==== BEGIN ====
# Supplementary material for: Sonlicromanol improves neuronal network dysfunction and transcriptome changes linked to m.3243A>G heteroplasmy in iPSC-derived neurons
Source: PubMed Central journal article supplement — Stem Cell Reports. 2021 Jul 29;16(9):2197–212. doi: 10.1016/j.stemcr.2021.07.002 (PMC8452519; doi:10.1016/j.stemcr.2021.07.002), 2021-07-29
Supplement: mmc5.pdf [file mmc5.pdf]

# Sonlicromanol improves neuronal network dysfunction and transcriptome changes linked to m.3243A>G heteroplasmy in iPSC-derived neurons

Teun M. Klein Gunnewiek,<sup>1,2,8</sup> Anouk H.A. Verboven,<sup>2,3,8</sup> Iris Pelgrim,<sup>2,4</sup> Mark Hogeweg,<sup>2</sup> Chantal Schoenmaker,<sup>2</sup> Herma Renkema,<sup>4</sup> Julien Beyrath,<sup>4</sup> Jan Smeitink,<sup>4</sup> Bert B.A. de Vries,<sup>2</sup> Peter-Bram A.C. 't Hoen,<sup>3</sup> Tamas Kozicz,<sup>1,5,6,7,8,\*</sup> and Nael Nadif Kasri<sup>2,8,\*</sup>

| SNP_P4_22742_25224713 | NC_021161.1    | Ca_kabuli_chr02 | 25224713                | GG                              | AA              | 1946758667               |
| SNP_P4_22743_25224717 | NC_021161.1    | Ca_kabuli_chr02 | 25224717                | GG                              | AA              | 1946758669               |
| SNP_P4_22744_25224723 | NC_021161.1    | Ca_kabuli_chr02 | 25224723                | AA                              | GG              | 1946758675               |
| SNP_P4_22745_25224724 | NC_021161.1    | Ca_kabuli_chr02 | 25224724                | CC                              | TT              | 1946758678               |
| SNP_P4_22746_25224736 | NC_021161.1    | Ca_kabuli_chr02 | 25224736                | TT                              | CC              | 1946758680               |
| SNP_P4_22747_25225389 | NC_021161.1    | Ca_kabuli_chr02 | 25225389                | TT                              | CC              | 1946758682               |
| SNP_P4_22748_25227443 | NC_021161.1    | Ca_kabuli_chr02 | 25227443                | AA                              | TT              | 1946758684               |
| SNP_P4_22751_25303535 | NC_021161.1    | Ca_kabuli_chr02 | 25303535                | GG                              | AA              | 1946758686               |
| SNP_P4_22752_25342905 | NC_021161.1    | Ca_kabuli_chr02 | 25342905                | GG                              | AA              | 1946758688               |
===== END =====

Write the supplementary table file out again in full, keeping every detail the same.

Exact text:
# Supplementary material for: Sonlicromanol improves neuronal network dysfunction and transcriptome changes linked to m.3243A>G heteroplasmy in iPSC-derived neurons
Source: PubMed Central journal article supplement — Stem Cell Reports. 2021 Jul 29;16(9):2197–212. doi: 10.1016/j.stemcr.2021.07.002 (PMC8452519; doi:10.1016/j.stemcr.2021.07.002), 2021-07-29
Supplement: mmc5.pdf [file mmc5.pdf]

# Sonlicromanol improves neuronal network dysfunction and transcriptome changes linked to m.3243A>G heteroplasmy in iPSC-derived neurons

Teun M. Klein Gunnewiek,<sup>1,2,8</sup> Anouk H.A. Verboven,<sup>2,3,8</sup> Iris Pelgrim,<sup>2,4</sup> Mark Hogeweg,<sup>2</sup> Chantal Schoenmaker,<sup>2</sup> Herma Renkema,<sup>4</sup> Julien Beyrath,<sup>4</sup> Jan Smeitink,<sup>4</sup> Bert B.A. de Vries,<sup>2</sup> Peter-Bram A.C. 't Hoen,<sup>3</sup> Tamas Kozicz,<sup>1,5,6,7,8,\*</sup> and Nael Nadif Kasri<sup>2,8,\*</sup>

| SNP_P4_22742_25224713 | NC_021161.1    | Ca_kabuli_chr02 | 25224713                | GG                              | AA              | 1946758667               |
| SNP_P4_22743_25224717 | NC_021161.1    | Ca_kabuli_chr02 | 25224717                | GG                              | AA              | 1946758669               |
| SNP_P4_22744_25224723 | NC_021161.1    | Ca_kabuli_chr02 | 25224723                | AA                              | GG              | 1946758675               |
| SNP_P4_22745_25224724 | NC_021161.1    | Ca_kabuli_chr02 | 25224724                | CC                              | TT              | 1946758678               |
| SNP_P4_22746_25224736 | NC_021161.1    | Ca_kabuli_chr02 | 25224736                | TT                              | CC              | 1946758680               |
| SNP_P4_22747_25225389 | NC_021161.1    | Ca_kabuli_chr02 | 25225389                | TT                              | CC              | 1946758682               |
| SNP_P4_22748_25227443 | NC_021161.1    | Ca_kabuli_chr02 | 25227443                | AA                              | TT              | 1946758684               |
| SNP_P4_22751_25303535 | NC_021161.1    | Ca_kabuli_chr02 | 25303535                | GG                              | AA              | 1946758686               |
| SNP_P4_22752_25342905 | NC_021161.1    | Ca_kabuli_chr02 | 25342905                | GG                              | AA              | 1946758688               |